equation with two inequalities

find_the_fun

Active member
This is part of a larger problem and I'm trying to solve 2h+1≤n≤2h+1 for h. If the equation had two equals signs or one inequality I think I could do it but I'm not sure how to proceed with both. In other words, I don't know how to manipulate an expression of the form (expr1)≤(expr2)≤(expr3). Any help would be appreciated.

earboth

Active member
This is part of a larger problem and I'm trying to solve 2h+1≤n≤2h+1 for h. If the equation had two equals signs or one inequality I think I could do it but I'm not sure how to proceed with both. In other words, I don't know how to manipulate an expression of the form (expr1)≤(expr2)≤(expr3). Any help would be appreciated.
You can split a "chain of inequalities" into single inequalities connected by an $\wedge$-sign:

$2h+1≤n≤2^{h+1}~\implies~ 2h+1 \leq n ~\wedge ~ n\leq 2^{h+1}$

The final set of solutions is the interception of the two single sets of solutions (sorry if my English sounds a little bit cryptic)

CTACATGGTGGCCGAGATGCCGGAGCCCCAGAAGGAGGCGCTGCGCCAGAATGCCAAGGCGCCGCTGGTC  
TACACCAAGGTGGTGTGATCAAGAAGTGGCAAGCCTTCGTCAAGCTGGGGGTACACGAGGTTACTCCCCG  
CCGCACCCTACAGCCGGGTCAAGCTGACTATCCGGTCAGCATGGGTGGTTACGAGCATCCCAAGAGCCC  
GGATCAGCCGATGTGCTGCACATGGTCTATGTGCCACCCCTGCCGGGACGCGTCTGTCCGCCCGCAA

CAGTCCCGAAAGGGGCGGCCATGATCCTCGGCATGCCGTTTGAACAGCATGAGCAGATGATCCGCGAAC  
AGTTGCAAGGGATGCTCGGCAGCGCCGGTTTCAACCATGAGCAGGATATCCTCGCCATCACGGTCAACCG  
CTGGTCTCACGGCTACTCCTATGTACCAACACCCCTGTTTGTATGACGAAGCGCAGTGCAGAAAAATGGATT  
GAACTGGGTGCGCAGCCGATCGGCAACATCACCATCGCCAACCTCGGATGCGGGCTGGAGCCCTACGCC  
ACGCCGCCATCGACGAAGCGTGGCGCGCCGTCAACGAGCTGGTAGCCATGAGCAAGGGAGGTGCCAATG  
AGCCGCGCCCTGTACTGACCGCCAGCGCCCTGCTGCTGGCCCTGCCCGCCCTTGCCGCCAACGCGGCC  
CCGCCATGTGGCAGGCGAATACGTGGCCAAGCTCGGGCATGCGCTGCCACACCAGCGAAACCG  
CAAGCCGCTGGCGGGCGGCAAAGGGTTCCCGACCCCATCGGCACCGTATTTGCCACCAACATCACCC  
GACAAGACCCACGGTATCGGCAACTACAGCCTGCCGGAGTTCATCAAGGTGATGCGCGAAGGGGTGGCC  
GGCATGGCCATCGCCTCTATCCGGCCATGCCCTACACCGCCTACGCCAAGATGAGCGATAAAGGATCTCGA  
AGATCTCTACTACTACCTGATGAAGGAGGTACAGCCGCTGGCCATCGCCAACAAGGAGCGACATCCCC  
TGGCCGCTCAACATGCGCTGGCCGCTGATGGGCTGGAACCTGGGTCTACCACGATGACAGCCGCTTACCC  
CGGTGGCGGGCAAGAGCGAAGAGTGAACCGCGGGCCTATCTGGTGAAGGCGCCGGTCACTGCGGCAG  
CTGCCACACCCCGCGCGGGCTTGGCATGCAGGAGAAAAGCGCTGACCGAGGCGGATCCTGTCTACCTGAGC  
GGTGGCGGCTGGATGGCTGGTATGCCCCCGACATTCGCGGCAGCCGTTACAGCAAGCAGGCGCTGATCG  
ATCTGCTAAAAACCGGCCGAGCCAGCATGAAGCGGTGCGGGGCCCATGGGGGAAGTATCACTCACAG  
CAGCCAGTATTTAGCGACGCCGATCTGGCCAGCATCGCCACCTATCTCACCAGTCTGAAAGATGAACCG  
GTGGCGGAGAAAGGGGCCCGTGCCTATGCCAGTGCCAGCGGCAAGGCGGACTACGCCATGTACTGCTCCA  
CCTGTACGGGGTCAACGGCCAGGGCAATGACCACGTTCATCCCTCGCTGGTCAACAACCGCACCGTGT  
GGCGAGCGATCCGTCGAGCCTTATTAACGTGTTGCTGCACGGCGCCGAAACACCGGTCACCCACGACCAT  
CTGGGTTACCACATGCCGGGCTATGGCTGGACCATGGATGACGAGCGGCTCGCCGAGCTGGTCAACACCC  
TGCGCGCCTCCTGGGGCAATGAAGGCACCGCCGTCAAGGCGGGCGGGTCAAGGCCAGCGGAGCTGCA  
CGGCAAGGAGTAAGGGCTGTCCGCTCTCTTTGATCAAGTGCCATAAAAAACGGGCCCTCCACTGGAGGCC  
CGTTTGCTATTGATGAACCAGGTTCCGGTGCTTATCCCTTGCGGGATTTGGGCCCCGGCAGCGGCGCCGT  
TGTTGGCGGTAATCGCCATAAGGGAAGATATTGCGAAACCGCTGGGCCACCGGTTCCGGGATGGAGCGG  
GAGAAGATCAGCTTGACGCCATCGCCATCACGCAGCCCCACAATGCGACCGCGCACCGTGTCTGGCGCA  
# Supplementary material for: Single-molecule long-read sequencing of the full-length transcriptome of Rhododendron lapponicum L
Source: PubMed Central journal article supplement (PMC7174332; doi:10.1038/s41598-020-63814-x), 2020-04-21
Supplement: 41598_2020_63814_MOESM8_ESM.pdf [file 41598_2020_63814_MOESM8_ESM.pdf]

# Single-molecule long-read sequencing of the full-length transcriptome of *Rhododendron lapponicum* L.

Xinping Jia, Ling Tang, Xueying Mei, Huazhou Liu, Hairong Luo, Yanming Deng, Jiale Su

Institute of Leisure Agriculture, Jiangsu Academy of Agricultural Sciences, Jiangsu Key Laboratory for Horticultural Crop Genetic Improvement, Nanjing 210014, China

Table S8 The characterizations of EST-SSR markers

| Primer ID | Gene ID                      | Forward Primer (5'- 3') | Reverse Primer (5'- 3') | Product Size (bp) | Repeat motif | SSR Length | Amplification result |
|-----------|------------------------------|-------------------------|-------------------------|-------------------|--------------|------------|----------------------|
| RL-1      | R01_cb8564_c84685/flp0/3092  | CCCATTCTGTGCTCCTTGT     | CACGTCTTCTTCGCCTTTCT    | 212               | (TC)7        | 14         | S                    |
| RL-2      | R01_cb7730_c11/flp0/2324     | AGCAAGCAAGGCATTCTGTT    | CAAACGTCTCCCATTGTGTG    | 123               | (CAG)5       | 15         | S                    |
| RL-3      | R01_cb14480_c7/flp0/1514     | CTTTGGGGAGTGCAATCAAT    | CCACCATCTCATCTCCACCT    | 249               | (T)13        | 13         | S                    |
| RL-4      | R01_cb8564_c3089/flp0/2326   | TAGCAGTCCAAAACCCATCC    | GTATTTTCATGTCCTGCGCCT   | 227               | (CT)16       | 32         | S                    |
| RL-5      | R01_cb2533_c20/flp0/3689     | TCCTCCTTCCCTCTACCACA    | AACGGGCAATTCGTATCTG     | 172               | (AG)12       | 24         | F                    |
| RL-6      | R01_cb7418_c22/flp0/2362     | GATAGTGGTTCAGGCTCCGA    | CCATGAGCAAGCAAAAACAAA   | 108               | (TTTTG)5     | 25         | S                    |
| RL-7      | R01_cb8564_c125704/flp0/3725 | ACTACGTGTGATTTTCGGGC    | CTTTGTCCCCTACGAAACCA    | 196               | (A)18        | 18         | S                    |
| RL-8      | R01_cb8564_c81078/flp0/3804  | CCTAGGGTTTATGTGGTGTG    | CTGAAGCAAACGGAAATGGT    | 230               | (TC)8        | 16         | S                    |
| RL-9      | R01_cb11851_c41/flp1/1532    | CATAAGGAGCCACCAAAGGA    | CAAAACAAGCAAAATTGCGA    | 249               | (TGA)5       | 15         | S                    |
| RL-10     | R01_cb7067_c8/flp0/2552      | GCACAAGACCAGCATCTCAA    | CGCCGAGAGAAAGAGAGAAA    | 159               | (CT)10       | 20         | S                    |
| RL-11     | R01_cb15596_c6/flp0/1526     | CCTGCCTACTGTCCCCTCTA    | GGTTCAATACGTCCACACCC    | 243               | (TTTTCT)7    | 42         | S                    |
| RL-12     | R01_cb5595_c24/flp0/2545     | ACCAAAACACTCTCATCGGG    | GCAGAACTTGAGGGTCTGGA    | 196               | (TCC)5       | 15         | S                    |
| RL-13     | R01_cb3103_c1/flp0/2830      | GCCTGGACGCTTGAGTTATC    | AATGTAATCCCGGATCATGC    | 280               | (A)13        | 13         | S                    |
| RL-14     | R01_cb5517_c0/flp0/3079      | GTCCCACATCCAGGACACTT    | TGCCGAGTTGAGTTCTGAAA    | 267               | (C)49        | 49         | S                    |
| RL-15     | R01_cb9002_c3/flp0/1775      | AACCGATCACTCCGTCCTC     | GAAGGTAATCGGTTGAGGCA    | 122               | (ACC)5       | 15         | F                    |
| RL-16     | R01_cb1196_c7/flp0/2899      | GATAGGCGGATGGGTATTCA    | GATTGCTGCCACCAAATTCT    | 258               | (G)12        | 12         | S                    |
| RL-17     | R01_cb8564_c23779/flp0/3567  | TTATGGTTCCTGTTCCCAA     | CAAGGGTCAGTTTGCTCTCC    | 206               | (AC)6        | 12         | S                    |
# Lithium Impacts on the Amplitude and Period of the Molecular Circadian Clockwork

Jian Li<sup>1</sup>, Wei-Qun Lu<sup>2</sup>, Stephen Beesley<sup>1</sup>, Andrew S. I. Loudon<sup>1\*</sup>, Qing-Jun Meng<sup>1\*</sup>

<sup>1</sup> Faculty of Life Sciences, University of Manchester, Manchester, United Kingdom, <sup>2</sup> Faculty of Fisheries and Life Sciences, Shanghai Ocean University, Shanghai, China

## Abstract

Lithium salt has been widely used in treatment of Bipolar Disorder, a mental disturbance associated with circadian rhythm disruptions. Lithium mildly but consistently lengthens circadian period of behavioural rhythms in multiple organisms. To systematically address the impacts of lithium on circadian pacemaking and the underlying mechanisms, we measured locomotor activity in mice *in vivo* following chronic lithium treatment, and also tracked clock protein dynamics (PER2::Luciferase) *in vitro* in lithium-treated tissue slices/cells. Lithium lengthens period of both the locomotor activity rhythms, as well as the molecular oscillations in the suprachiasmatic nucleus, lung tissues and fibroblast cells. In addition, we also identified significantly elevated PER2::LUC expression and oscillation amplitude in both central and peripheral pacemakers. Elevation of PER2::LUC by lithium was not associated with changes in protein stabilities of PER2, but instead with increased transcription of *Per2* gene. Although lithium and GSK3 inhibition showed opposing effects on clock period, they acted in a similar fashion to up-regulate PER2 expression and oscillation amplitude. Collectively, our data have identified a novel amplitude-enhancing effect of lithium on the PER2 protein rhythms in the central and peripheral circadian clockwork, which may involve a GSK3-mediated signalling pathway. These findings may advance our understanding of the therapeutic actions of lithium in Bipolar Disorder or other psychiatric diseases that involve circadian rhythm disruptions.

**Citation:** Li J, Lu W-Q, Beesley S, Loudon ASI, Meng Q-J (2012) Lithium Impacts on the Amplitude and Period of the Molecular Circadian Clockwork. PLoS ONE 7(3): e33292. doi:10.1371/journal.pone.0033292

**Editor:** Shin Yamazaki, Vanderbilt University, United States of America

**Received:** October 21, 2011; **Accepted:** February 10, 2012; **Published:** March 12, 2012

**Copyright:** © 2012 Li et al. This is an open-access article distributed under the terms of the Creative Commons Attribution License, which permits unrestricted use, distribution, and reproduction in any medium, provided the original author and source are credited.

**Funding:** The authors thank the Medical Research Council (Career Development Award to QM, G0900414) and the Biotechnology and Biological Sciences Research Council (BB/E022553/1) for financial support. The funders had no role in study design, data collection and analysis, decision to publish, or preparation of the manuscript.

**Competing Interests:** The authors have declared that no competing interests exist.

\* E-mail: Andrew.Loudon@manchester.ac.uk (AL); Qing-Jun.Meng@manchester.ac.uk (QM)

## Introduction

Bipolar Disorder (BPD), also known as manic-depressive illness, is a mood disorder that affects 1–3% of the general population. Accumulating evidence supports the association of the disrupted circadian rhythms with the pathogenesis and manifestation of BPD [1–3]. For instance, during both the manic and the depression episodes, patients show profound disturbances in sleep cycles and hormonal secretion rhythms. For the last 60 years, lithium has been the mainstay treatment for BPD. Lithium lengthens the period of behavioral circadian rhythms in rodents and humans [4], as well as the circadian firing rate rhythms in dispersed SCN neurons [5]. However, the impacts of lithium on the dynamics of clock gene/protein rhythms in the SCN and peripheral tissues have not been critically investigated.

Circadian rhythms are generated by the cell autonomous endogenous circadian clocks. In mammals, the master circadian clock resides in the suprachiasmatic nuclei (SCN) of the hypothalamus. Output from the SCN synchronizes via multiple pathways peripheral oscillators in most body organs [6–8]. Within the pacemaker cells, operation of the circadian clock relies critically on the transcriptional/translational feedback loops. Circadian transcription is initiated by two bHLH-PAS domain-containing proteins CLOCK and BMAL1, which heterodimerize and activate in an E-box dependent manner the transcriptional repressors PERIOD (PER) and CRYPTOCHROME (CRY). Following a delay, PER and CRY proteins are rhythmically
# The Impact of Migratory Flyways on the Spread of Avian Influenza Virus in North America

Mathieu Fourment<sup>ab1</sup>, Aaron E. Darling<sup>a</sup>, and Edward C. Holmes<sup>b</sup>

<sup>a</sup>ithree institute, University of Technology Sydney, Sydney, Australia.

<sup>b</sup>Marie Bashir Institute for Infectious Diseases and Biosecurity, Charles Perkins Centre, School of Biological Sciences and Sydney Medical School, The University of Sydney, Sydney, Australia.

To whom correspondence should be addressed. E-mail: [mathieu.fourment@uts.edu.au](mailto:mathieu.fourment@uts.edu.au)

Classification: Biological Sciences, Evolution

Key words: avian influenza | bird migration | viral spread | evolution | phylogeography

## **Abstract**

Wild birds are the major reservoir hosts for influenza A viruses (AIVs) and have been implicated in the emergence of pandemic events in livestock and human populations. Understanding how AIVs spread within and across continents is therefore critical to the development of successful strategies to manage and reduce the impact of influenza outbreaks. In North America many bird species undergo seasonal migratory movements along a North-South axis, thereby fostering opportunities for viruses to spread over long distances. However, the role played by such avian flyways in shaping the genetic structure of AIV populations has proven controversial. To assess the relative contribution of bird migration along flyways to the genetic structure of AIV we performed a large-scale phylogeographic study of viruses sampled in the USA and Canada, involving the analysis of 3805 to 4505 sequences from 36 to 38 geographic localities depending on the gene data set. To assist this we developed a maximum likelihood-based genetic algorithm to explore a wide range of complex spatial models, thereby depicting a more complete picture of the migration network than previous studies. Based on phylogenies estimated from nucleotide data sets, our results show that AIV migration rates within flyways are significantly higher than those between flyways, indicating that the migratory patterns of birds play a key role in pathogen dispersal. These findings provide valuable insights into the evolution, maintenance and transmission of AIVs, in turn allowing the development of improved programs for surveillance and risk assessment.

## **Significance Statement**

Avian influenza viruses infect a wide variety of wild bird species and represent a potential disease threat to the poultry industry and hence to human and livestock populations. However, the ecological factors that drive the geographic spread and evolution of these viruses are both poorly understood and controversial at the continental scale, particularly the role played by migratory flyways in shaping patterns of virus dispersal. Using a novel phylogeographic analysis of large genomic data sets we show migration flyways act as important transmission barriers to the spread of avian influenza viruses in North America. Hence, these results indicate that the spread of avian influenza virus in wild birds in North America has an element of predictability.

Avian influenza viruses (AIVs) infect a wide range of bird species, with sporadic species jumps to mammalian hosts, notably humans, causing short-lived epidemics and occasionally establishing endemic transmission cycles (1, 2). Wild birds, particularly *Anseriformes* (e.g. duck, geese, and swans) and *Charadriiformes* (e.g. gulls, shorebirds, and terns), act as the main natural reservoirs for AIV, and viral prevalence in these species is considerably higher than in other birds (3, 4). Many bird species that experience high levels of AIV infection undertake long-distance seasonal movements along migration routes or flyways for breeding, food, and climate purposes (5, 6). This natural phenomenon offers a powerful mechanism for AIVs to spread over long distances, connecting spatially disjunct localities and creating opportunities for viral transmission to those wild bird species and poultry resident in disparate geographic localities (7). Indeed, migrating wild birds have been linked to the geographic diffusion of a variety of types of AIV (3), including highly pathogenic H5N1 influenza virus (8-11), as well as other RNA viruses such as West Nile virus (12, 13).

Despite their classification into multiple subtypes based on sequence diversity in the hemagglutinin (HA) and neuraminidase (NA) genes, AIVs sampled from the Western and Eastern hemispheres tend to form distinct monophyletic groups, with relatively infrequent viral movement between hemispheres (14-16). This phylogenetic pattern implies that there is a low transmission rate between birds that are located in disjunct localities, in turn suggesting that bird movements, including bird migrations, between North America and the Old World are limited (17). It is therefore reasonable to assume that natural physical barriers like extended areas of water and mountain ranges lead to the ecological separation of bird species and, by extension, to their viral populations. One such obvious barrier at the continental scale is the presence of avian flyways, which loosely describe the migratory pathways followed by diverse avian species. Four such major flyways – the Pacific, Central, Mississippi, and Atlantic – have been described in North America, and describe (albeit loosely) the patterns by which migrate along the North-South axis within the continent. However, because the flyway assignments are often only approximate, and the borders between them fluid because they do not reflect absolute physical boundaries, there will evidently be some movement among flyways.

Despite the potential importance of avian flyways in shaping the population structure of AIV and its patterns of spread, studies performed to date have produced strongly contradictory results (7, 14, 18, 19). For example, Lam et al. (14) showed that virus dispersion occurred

• Jameson

CaptainBlack

Well-known member
This is part of a larger problem and I'm trying to solve 2h+1≤n≤2h+1 for h. If the equation had two equals signs or one inequality I think I could do it but I'm not sure how to proceed with both. In other words, I don't know how to manipulate an expression of the form (expr1)≤(expr2)≤(expr3). Any help would be appreciated.
Assuming both $$h$$ and $$n$$ are real:

Do each seperatly so $$2h+1\le n \Rightarrow h\le \frac{n-1}{2}$$, and $$n\le2^{h+1}\Rightarrow h \ge \log_2(n)-1$$

The simultaneous solutions are values in the overlap of the two parts of the real line to which the two conditions constrain $$h$$

CB

• earboth and Jameson